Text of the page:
In verse 13:18 it said the people were to do what is right in the eyes of the Lord. Now, it says not to place baldness between their eyes, implying it is an act that is not right in the eyes of the Lord. Both acts were a defilement of the body as a sign of mourning.

These were pagan practices that defiled the body created in the image of God. They were for superstitious reasons in relation to the gods of the people, and as a sign of exceptional mourning that the person was forever lost due to the end of his life.

To gash oneself would release blood. But the Lord has said that the life is in the blood. To shed one’s own blood would be a way of demonstrating, through mourning for the dead, that the life was lost and there was no hope.

To shave one’s forehead was equally objectionable because the forehead is the place of conscience and identification. To shave the hair from the forehead was an acknowledgement that the conscience and identification of the dead was forever lost.

These were forbidden firstly because there is one God, and it is not the false god of one of these nations. The second reason was for exactly the reason that was talked about earlier – the hope of Messiah. Israel was not to mourn in such ways because they were the people of God through whom this hope was promised.

It would be inconsistent to grieve in such a manner, as if all hope was lost, when considering that Yehovah had called them as a people for exactly the opposite reason. They were the people of God, and it is through them that Messiah would come. Because of this, the hope was assured. This is the reason why this thought now is expressly tied to the first thought, meaning that they were the sons of Yehovah.

Through Him is the promise of life, meaning Messiah, and there was to therefore be no such mourning as if all hope had perished. This is exactly what was so beautifully expressed by Martha at the grave of Lazarus –

“Then Martha, as soon as she heard that Jesus was coming, went and met Him, but Mary was sitting in the house. 21 Now Martha said to Jesus, ‘Lord, if You had been here, my brother would not have died. 22 But even now I know that whatever You ask of God, God will give You.’
23 Jesus said to her, ‘Your brother will rise again.’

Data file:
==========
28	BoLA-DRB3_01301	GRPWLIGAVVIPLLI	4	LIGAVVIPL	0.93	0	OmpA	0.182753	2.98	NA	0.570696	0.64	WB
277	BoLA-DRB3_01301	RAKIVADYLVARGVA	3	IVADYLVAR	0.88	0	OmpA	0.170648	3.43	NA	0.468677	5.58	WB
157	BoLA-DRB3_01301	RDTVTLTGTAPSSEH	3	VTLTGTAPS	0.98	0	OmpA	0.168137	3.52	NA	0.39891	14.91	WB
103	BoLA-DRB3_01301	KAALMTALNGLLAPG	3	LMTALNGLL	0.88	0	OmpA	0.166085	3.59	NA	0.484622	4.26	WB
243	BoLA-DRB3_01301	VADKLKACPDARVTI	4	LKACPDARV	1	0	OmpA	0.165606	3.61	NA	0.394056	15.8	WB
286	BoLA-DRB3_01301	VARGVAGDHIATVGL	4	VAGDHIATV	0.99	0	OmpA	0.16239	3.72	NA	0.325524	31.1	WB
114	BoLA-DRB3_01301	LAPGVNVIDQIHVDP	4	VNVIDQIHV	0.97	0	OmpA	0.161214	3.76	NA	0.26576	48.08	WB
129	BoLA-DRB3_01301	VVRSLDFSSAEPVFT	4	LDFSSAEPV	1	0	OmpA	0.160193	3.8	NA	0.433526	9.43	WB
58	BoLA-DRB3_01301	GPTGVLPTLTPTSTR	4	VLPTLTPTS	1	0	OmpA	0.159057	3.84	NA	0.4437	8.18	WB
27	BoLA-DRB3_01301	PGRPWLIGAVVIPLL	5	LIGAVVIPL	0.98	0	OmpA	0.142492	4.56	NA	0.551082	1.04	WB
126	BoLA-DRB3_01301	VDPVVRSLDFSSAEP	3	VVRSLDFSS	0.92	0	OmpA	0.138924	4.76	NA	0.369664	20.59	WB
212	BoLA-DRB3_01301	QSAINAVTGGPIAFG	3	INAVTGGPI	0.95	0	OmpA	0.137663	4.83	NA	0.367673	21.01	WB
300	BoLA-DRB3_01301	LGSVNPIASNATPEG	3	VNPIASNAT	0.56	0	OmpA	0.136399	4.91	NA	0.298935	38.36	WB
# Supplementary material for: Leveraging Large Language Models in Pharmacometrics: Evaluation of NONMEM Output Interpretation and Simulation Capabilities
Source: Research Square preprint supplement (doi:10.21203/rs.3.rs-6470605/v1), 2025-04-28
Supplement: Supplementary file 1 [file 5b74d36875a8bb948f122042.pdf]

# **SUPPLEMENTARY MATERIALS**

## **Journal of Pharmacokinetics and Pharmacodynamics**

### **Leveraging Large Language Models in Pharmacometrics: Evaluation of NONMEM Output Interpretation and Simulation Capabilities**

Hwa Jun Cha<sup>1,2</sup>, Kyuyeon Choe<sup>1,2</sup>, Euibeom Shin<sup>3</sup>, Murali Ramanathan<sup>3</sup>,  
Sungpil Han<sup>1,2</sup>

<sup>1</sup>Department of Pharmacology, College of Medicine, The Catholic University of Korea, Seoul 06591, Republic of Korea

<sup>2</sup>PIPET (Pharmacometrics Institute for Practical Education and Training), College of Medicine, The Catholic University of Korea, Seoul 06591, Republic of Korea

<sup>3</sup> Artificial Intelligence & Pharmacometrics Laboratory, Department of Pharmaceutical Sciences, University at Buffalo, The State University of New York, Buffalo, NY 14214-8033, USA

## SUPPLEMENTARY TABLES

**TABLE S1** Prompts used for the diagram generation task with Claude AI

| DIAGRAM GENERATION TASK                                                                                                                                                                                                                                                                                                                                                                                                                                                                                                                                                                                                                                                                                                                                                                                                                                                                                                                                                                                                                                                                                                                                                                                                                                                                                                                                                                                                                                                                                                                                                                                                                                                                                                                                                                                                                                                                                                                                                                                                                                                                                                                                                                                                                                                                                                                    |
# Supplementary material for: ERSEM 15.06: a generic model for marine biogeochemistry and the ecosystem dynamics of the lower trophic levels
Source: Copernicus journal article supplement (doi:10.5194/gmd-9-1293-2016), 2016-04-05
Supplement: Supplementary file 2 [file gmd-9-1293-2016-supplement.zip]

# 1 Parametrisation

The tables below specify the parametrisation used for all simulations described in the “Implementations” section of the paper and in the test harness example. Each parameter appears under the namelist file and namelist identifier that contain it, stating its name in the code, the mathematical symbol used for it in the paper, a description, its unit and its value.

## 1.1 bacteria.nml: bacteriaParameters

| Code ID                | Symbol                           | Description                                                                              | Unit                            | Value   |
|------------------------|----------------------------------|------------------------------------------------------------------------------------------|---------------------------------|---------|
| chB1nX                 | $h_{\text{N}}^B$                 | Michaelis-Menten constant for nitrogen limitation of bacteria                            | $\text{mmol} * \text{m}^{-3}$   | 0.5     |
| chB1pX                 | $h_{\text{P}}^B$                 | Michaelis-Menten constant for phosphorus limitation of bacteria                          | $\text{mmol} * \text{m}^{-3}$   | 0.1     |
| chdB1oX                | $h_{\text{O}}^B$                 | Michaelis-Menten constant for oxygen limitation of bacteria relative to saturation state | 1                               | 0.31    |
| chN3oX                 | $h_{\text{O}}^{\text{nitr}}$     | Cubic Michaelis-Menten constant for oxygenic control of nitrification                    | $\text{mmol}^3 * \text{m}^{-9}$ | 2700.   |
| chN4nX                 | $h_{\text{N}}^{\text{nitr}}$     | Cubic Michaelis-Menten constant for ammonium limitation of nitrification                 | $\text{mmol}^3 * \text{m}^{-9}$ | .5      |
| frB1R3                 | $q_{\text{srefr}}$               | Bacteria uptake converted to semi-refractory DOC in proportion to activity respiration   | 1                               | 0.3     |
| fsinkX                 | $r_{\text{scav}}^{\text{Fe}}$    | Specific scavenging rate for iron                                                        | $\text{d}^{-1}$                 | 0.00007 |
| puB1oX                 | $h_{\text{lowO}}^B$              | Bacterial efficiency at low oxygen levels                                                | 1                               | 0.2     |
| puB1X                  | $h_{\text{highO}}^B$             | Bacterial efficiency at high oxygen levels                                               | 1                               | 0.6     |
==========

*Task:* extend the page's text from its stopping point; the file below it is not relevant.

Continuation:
24 Martha said to Him, ‘I know that he will rise again in the resurrection at the last day.’” John 11:20-24

Martha mourned for her brother, but it was a mourning of separation, not hopeless loss. Jesus commended her for her faith and then received acknowledgment from her of how great that faith actually was –

“Jesus said to her, ‘I am the resurrection and the life. He who believes in Me, though he may die, he shall live. 26 And whoever lives and believes in Me shall never die. Do you believe this?’
27 She said to Him, ‘Yes, Lord, I believe that You are the Christ, the Son of God, who is to come into the world.’” John 11:25-27

We read such verses as this one in Deuteronomy in the Old Testament, and we think they are completely disconnected from faith in Christ. In fact, exactly the opposite is true. They are intimately tied into the idea of Messiah. Martha’s words clearly demonstrate this. “No hope? On the contrary! Great is my confidence in the promises of the Lord!” This is in accord with Paul’s words which say –

“But I do not want you to be ignorant, brethren, concerning those who have fallen asleep, lest you sorrow as others who have no hope. 14 For if we believe that Jesus died and rose again, even so God will bring with Him those who sleep in Jesus.” 1 Thessalonians 4:13, 14

With this understanding, Moses continues…

For you are a holy people to the Lord your God,

The words of this clause are identical, word for word and letter for letter, to Deuteronomy 7:6. They are similar to the words of a portion of Exodus 19:6, but the meaning between them is vastly different. To grasp that difference and how important it is, one should go back and review the comments of that Deuteronomy 7 sermon.

If Israel was to demonstrate whether they were truly sons of the Lord or not, they were to conduct themselves as a people holy to the Lord. Thus, the statement that opened the passage must be taken as a conditional one.

It is certain that the Pharisees of Jesus’ time minutely abided by the tenets of this chapter. And yet, Jesus – when speaking to them – said that they were of their father the devil. Therefore, there is for Israel a positional sonship that all of the people enjoyed, and an actual sonship that only those of faith participated in.

Again, we will not dwell on the meaning of this clause because it was minutely analyzed in Chapter 7.

*2 (fin) and the Lord has chosen you to be a people for Himself, a special treasure above all the peoples who are on the face of the earth.

Note: the Hebrew says, mikol, “out of (or from) all,” not “above all.” Here the words are very similar to the final two clauses of Deuteronomy 7:6. Taken side by side, this can be seen –

and the Lord has chosen you to be a people for Himself, a special treasure above all the peoples who are on the face of the earth.

the Lord your God has chosen you to be a people for Himself, a special treasure above all the peoples on the face of the earth.

Despite some translational differences that don’t exist in the Hebrew, the only substantial differences between the two are that this verse includes the word “and,” and it leaves off the word “your God.” Other than that, they are almost identical.